The Ultimate club

Pamela Crimbchin

A flying disc on a clear spring day brings two schools together

Paul Guyas is in his eighth year playing competitive ultimate Frisbee and loves the sport for three reasons:

“Green grass, blue sky and a floating disc through the air.”

Kent State’s ultimate Frisbee team is excited to get outdoors and practice, but Ohio’s jaw-dropping amount of snowfall didn’t stop the team from practicing and playing collegiate ultimate Frisbee all winter long.

“(Collegiate Frisbee) is still relatively new,” captain Navid Farajipour, junior biology major said. “It’s going to take awhile for other schools to learn about it.”

The team is partnered with Northeastern Ohio Universities Colleges of Medicine and Pharmacy, or NEOUCOM. Men and women from both schools are allowed to join.

David Lerner, first year doctor of medicine at NEOUCOM, joined the Kent State team after playing for North Carolina State in his undergrad.

“I like how it combines a lot of different sports,” Lerner said. “It’s like soccer ’cause it’s continuous, so if there’s a turnover you keep playing. There’s a lot of passing, kind of similar to football, and then every once in a while it gets kind of rough like hockey.”

The team starts practicing the basics of Frisbee – teaching and refreshing players on how to properly throw a Frisbee and the official rules to the game – at the beginning of the school year.

“Basic fundamentals,” Guyas, exercise and physiology graduate said. “You’re out here in August teaching them the very thing. How to hold it. How to throw it.”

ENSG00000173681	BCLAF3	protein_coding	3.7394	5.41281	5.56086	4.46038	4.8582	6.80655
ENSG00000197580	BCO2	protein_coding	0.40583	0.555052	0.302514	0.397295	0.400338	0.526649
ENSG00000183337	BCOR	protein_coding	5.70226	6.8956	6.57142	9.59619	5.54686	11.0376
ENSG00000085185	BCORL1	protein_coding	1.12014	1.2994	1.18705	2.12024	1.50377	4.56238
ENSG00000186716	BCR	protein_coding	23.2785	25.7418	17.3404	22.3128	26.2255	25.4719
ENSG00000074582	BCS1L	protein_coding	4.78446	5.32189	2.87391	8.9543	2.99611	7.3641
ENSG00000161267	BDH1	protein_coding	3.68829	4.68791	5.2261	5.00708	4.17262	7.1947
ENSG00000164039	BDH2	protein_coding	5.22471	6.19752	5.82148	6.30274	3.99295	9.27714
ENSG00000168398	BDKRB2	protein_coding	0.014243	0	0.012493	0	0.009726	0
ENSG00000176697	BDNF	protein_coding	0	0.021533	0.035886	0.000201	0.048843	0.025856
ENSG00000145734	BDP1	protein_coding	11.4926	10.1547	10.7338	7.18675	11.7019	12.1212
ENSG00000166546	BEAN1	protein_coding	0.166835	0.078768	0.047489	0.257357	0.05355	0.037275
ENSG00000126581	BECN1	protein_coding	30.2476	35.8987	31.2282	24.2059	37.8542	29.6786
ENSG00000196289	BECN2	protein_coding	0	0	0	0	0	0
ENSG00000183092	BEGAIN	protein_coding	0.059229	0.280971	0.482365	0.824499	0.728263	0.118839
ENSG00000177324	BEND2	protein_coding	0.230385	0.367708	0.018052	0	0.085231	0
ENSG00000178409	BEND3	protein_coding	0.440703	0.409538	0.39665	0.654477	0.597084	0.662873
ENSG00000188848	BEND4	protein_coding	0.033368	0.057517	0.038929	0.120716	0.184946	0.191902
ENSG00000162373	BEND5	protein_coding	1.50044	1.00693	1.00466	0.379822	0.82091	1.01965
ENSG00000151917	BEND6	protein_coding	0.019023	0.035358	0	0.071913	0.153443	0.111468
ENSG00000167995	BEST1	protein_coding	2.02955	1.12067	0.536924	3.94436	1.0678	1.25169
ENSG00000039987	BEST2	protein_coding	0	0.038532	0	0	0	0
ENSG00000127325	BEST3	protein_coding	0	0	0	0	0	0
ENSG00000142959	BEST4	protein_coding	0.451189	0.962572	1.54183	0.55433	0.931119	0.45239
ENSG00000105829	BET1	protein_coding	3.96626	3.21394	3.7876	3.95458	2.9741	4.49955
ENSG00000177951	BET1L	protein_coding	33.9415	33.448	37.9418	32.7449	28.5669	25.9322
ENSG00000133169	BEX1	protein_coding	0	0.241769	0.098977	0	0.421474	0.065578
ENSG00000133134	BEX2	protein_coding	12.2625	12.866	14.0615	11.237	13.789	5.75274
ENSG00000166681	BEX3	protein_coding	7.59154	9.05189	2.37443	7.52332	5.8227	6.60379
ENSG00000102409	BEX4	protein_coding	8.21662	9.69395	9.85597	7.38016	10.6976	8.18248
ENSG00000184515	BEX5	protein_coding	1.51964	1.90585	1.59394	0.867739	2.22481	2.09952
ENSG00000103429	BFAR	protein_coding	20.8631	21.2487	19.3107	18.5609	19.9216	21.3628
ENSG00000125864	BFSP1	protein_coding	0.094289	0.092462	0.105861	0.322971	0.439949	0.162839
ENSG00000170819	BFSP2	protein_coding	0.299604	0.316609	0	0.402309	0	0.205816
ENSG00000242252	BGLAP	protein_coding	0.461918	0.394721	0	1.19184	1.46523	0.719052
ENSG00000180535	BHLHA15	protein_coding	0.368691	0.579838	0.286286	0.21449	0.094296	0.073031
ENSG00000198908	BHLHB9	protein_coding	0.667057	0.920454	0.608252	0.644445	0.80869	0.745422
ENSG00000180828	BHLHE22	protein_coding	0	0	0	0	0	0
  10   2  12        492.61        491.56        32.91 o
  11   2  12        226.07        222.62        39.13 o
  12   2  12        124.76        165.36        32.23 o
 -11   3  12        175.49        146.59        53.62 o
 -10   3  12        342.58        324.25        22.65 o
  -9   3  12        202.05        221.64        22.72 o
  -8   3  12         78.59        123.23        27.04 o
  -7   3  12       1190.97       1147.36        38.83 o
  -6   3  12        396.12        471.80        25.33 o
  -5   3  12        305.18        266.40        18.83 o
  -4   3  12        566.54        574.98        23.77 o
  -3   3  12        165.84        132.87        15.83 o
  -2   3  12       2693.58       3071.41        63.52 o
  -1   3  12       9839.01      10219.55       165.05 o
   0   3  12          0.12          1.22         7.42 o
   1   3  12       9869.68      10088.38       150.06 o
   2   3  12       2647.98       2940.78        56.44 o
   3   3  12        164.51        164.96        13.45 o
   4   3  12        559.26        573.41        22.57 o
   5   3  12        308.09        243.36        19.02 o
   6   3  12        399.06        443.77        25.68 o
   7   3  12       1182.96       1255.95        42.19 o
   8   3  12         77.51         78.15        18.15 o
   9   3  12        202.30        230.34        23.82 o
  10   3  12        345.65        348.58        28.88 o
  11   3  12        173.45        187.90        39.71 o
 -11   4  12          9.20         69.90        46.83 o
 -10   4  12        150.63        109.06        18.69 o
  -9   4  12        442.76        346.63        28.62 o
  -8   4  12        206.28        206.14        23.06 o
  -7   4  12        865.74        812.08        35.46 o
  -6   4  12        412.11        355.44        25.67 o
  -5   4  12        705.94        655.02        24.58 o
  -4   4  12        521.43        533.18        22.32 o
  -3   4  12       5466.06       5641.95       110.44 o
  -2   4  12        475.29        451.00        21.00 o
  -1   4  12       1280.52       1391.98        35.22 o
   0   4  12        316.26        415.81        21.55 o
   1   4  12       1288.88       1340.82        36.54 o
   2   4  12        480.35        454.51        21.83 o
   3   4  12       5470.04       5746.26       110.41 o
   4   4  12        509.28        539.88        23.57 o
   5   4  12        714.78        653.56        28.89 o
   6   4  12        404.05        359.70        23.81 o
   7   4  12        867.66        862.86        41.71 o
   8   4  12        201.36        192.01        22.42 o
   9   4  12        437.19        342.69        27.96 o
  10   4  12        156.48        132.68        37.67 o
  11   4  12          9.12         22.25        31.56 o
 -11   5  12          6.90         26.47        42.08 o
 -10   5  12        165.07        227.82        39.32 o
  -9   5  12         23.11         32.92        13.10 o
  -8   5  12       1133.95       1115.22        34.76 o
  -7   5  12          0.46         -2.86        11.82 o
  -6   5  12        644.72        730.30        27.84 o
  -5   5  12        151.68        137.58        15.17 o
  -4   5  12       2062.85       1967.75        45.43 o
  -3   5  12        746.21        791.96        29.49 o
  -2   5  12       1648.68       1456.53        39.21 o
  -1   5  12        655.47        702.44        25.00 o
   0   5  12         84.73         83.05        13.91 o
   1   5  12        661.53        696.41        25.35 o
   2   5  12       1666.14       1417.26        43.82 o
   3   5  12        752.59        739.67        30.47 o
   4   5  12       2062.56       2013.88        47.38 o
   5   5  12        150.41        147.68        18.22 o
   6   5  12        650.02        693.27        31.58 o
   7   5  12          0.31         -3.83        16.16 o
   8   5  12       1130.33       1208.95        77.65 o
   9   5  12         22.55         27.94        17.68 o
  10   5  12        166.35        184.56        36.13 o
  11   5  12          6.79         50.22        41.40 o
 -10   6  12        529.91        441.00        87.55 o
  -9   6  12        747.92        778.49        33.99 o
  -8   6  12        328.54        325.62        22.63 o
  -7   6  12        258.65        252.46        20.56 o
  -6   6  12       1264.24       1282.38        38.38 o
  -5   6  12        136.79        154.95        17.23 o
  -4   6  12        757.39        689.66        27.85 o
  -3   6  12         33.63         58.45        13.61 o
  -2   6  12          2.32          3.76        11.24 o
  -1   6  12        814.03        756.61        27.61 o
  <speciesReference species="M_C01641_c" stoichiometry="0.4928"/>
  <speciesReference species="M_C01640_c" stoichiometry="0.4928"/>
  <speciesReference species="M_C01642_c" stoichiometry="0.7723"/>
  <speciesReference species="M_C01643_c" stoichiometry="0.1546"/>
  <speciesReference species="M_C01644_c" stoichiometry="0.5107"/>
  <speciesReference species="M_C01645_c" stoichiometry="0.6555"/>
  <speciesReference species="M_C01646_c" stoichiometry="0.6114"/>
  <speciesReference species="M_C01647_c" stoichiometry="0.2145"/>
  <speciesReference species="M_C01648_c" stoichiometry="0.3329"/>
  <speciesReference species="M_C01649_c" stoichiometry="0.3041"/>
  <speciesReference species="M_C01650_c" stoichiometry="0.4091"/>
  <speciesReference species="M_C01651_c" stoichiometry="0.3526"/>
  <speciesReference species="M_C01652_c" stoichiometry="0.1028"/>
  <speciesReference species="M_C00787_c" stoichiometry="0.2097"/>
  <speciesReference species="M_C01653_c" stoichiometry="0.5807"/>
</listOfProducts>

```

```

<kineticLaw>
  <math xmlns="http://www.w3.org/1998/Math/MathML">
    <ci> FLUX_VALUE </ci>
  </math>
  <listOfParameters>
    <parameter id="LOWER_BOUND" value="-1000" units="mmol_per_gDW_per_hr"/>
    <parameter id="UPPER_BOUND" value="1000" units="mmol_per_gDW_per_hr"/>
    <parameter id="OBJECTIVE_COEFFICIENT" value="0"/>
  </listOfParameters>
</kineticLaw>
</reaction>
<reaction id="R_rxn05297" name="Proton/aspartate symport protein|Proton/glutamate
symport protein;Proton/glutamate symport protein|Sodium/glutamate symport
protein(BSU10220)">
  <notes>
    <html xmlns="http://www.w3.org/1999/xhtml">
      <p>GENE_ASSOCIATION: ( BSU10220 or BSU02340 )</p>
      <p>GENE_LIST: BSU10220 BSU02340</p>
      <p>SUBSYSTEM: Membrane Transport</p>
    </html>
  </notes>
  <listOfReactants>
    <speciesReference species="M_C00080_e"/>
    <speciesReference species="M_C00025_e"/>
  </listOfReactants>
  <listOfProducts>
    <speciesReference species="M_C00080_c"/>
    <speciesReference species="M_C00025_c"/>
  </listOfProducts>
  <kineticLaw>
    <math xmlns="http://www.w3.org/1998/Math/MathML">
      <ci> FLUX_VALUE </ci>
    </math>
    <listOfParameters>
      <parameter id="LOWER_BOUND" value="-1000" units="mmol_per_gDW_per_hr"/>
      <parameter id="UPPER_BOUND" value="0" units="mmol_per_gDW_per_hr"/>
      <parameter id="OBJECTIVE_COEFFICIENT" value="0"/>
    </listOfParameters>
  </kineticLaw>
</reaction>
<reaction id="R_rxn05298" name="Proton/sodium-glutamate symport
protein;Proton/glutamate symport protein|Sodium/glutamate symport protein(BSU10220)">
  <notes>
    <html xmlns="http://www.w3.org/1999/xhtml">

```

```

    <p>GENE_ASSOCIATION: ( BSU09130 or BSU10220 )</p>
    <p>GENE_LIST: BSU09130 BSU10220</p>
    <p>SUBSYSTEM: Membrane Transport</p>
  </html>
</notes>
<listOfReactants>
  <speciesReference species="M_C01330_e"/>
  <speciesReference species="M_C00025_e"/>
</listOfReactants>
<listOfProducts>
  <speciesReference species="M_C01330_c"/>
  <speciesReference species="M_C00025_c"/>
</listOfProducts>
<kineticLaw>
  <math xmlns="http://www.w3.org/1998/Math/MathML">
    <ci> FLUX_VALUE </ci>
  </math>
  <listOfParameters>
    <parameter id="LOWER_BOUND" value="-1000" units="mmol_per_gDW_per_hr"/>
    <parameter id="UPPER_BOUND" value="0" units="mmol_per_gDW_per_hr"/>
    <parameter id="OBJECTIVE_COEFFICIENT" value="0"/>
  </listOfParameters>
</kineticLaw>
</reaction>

After players have the basics down, the team starts to strategize and make plays to use during the season.

“In the spring there’s not so many (tournaments) because of the weather,” junior education major David Schultz said. “In the fall there’s usually seven or eight that you can go to competitively.”

Collegiate ultimate Frisbee games are a lot like the games played at backyard barbecues but with more rules and regulations.

“Typically in backyard (Frisbee) a lot of things go,” Schultz said. “Here we have rules like disc space. You have to be within a certain space. You can’t have two people on one guy guarding – just kind of basic rules.”

There are no referees in ultimate Frisbee, so players self-officiate and call all the fouls. Fouls can be called for contacts, line crossings and stall counts.

Ultimate Frisbee is considered a “sprit of the game” sport, which according to the Ultimate Players Association’s Web site means the game stresses sportsmanship and fair play.

For some of Kent State’s ultimate Frisbee players, this spirit is the biggest draw to the game.

“It’s a very laid back sport culture,” captain Guyas said. “That attitude and that culture can be kind of good for people who don’t want into the whole basketball, football, soccer sort of sports.”

However, some members, such as Amir Kaghazwala sophomore fashion merchandise major, still play for the win.

“I’m a competitive person,” Kaghazwala said. “I like to win. Intramural sports are cool and stuff, but you don’t always play to win. You play to have fun. We play to have fun, but it’s also competitive.”

Others joined the team for an extracurricular activity to do on weekends.

“I don’t go out and party and stuff, so it’s something to do,” sophomore communication major Dave Miller said. “The guys are fun, it’s a fun game and I enjoy playing it in the summer.”

Even though members of the team continue to play collegiate ultimate Frisbee for different reasons, they all started for the same reason: to have fun in the summer sun.

“If you like to have fun and want to learn how to play Frisbee it’s a great, great thing to do,” Kaghazwa said. “I mean we like to win, but we also like to have fun.”

Contact Student Recreation and Wellness Center reporter Pam Crimbchin at [email protected].